“I tell my kids and my wife I love them every day,” House Majority Leader Kevin McCarthy told Roll Call last year in an interview about losing his father more than 17 years ago to a rare form of cancer. “You realize that this job does not define your life by any shape or form, that at any time and any place it can hit you. It also makes me try to reflect on my own family’s health. It reflects on what you value, what you cherish.”
On Thursday, that kind of self-reflection led McCarthy to vote “yes” on the American Health Care Act, a catastrophic piece of legislation that allows states to deny coverage to people with preexisting conditions and saddle cancer patients with an estimated $140,000 in additional premiums. For cancer patients, a lack of insurance can be a death sentence. McCarthy should know that. Clearly, it didn’t matter.
McCarthy wasn’t the only House Republican with a record of speaking out about their own experiences with cancer who also voted to gut protections for people facing the same diagnosis. Unfortunately for patients relying on the existing healthcare law for their survival, “hypocrisy” is a charge that tends to bounce off the shameless.
In the same Roll Call piece, Missouri Rep. Billy Long told a moving story about his daughter’s cancer diagnosis.“When you first get that news, especially with a child, it’s devastating,” he said at the time. “The first thing you think of is, ‘Why her? Why not me?’”
Last month, Long was a “no” vote on the American Health Care Act. The reason? He said he was concerned that the bill’s reversal of protections preexisting conditions would hurt people like his daughter.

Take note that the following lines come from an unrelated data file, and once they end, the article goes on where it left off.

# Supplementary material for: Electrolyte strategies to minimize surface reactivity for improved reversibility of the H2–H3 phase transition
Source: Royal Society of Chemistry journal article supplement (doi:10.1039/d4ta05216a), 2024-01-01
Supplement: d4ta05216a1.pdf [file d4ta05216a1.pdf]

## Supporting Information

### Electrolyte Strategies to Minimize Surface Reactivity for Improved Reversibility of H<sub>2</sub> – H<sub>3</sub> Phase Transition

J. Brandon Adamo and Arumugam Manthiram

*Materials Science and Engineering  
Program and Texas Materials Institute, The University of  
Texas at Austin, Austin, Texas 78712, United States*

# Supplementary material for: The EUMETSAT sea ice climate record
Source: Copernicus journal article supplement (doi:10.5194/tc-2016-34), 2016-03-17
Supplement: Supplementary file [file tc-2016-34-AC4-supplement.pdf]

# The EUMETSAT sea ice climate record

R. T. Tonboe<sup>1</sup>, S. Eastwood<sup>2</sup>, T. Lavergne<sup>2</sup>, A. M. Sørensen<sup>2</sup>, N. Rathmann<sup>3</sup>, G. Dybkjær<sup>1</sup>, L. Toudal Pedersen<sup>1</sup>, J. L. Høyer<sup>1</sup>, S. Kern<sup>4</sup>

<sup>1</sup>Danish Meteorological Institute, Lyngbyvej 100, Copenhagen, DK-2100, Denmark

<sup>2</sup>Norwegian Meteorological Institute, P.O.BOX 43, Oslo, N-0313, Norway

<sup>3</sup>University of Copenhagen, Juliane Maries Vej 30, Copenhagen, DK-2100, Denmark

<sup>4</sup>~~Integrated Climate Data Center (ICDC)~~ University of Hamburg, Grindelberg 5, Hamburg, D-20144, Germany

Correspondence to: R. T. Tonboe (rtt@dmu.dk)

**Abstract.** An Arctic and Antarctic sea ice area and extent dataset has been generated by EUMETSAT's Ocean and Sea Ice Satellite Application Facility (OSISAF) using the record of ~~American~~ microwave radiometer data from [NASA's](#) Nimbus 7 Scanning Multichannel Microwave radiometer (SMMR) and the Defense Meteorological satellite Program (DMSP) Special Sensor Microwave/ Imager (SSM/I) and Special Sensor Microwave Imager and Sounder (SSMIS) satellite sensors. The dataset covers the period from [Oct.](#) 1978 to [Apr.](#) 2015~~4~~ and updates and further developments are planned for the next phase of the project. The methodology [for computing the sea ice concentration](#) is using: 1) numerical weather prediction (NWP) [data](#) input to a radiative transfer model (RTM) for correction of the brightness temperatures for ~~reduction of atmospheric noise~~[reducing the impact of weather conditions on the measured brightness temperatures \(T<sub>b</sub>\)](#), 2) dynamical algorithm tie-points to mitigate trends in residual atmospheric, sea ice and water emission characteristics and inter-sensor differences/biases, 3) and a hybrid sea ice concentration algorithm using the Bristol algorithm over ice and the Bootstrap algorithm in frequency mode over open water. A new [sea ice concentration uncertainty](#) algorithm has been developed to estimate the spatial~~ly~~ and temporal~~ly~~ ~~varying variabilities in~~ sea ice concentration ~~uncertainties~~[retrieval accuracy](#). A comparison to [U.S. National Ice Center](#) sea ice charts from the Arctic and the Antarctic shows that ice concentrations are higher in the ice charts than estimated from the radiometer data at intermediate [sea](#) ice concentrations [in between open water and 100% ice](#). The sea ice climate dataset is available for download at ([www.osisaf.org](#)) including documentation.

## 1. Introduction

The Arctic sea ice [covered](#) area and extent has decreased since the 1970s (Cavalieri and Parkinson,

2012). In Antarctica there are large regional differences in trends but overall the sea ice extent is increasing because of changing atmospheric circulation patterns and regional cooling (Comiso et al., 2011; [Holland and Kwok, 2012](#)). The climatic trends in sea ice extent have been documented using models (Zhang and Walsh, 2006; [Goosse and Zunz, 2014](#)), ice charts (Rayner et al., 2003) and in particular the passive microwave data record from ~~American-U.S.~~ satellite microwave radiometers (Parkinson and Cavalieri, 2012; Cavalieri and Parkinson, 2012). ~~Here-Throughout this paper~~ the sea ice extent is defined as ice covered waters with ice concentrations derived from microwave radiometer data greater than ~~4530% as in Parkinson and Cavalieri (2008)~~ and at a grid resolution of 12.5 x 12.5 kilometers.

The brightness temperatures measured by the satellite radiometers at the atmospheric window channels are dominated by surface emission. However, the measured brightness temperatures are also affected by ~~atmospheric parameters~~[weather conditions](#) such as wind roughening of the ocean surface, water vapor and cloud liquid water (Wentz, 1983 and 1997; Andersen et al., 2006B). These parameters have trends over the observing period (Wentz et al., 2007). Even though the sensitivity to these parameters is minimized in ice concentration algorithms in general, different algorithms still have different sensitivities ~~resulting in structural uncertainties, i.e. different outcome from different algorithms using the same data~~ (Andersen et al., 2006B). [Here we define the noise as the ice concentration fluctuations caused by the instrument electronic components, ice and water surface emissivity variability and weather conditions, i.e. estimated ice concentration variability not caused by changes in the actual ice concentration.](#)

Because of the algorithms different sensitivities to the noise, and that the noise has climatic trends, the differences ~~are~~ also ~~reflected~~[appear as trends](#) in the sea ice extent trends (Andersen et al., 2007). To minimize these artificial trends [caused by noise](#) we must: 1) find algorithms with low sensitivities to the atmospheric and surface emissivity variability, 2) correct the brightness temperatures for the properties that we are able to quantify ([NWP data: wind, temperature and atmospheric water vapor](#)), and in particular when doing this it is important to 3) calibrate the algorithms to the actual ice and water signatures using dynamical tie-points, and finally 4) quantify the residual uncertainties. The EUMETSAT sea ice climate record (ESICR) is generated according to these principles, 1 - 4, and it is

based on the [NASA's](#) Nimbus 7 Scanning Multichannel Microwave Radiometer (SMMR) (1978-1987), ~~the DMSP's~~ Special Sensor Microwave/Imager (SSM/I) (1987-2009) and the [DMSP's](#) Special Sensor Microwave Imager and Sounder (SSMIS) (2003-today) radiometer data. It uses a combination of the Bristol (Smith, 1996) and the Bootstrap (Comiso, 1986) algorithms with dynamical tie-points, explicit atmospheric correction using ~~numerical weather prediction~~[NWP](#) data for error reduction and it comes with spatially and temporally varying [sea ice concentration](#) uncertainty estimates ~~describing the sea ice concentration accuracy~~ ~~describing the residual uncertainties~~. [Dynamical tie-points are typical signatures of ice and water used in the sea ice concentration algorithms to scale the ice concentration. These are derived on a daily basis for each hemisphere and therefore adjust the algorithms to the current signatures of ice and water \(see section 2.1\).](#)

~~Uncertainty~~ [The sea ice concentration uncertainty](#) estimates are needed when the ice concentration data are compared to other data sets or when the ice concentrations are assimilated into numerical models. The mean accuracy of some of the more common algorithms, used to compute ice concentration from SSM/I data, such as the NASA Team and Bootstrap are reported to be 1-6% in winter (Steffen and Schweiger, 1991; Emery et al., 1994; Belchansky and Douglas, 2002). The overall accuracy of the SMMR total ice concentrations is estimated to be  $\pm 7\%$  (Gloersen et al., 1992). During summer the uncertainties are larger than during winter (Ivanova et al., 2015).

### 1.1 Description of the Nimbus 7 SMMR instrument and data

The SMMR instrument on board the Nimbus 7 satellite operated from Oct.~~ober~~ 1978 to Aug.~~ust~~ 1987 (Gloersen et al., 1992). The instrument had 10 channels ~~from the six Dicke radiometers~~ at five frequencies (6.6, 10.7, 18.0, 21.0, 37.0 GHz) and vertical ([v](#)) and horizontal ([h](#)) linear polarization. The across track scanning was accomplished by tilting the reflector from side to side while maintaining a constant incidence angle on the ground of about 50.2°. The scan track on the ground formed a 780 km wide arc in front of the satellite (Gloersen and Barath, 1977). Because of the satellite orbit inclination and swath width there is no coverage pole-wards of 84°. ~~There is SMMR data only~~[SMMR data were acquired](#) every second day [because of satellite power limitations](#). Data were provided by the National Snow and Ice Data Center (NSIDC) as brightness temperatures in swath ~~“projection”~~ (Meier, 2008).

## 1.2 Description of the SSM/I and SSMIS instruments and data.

This week, after an amendment to add $8 billion in funding for high risk pools for people with preexisting conditions was added to the bill, Long switched to “yes.”
“They need to be covered, period,” he said outside the White House on Wednesday, according to a report from The Springfield News Leader. The thing is, they still won’t be: Multiple estimates have found that the additional funding remains wildly insufficient to meet the demand, covering just a few hundred thousand people out of the millions who may need it.
The House Cancer Caucus—one of four groups dedicated to the disease in the chamber—is full of Republicans who voted to roll back protections for cancer patients and strip millions of people of their insurance.
In 2015, Texas Rep. John Carter, a “yes” vote on AHCA, issued a statement thanking his constituents for their support during a one-week absence from Congress while he underwent surgery for prostate cancer:
Thanks to my annual checkup, the doctors were able to detect the very early stages of prostate cancer. I underwent a successful surgery and follow-up treatment to remove the cancer and am now back to work.
Utah Rep. Jason Chaffetz, also a member of the Cancer Caucus and a “yes” on AHCA, cried last year while talking about his own mother’s cancer diagnosis.
“My mother, she passed away when I was 28 years old,” a visibly emotional Chaffetz said during a hearing on funding for Planned Parenthood. “She fought cancer for more than 10 years. She had breast cancer and I miss her.” The health care bill he just voted for means a woman with an identical diagnosis can expect to pay an additional $28,000 to secure coverage.
In March, New York Rep. Peter King, another “yes,” received an award from an organization called ZERO: The End of Prostate Cancer for being a “champion” on the issue. “In accepting the award, I emphasized that lives are at stake,” King wrote on Facebook that month.
The same was true today.